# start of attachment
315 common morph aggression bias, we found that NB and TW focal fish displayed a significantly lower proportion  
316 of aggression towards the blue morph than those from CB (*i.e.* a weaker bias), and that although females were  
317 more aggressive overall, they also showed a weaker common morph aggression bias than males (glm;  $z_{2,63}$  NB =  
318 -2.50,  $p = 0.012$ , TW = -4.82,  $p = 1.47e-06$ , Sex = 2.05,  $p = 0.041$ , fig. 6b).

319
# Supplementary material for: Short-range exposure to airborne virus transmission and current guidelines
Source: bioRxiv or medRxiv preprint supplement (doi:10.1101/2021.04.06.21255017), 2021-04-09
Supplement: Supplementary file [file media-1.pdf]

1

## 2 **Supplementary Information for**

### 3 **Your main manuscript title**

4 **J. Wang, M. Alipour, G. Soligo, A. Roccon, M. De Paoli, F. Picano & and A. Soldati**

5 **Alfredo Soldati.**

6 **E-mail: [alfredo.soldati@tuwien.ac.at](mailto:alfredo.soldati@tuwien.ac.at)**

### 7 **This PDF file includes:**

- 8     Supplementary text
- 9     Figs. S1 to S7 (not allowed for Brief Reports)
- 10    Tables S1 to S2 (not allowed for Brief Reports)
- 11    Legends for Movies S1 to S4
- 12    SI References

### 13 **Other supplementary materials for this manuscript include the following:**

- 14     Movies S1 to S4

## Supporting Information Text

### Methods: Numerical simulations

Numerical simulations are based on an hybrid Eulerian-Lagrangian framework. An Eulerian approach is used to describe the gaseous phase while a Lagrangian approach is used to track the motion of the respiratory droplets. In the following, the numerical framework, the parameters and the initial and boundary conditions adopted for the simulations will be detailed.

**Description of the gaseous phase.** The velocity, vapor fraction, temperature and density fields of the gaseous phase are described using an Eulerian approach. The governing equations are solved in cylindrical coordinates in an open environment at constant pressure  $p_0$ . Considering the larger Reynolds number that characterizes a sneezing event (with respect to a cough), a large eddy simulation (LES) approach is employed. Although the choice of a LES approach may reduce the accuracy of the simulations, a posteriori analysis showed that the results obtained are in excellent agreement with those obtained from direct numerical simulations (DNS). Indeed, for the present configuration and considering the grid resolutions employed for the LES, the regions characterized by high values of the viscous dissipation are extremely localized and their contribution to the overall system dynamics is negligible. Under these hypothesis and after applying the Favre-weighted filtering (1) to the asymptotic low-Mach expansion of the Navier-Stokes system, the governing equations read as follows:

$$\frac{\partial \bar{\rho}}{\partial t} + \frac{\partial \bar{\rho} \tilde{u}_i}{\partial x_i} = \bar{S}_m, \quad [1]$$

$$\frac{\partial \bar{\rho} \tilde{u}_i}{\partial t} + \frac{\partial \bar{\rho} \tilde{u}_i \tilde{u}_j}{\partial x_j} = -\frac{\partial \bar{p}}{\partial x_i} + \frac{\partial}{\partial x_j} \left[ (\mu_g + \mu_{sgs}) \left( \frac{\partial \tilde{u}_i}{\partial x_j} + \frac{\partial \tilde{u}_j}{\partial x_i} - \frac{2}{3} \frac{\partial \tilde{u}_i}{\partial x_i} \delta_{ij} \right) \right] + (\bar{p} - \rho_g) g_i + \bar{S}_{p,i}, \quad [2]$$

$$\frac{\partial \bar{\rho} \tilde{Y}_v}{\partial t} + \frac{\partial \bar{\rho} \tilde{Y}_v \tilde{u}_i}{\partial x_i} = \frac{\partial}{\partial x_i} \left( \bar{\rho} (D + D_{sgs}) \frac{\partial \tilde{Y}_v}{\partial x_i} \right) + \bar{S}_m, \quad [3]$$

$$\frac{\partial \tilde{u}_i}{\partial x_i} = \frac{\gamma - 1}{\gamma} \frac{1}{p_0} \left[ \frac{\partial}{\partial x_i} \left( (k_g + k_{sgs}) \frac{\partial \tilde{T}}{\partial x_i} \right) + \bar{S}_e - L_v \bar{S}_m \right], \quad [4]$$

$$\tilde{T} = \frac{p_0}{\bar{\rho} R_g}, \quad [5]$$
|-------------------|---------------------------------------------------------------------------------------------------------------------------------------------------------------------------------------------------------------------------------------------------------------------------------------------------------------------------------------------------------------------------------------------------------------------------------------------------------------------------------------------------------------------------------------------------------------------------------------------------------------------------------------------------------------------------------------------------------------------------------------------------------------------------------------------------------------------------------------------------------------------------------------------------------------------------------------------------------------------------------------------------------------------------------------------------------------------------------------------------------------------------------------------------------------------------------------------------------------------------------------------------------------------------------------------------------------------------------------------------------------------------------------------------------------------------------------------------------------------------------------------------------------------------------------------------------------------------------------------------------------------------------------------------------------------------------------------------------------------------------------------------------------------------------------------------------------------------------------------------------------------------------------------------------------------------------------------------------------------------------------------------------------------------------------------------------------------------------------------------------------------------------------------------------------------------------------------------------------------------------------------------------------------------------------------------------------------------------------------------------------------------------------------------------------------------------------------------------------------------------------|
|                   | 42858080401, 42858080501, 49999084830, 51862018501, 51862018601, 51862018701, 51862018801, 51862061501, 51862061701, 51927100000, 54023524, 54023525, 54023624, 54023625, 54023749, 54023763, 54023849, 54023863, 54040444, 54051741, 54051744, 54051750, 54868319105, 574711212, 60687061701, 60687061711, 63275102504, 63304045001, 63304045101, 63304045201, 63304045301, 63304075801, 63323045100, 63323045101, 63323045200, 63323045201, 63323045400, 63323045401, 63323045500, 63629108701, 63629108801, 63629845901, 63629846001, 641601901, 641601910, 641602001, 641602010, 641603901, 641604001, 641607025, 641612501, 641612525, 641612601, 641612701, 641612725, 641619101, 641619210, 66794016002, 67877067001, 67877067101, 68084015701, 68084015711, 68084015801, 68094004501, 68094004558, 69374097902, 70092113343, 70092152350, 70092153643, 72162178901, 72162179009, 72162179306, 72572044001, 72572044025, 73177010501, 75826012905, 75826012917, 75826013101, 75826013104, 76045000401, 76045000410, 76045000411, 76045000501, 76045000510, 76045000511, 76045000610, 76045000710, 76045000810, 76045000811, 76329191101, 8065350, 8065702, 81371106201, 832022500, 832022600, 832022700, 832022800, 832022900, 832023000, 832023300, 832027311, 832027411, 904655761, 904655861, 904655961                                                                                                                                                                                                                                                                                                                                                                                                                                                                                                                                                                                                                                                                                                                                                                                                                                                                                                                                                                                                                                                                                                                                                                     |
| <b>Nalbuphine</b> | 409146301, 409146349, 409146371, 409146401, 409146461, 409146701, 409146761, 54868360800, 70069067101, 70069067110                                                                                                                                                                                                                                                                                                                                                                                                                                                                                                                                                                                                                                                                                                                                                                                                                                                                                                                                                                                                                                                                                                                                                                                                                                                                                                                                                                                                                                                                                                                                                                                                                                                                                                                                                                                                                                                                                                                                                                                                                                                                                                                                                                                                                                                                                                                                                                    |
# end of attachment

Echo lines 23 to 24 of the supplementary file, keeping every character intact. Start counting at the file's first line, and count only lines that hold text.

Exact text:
## Supporting Information Text

### Methods: Numerical simulations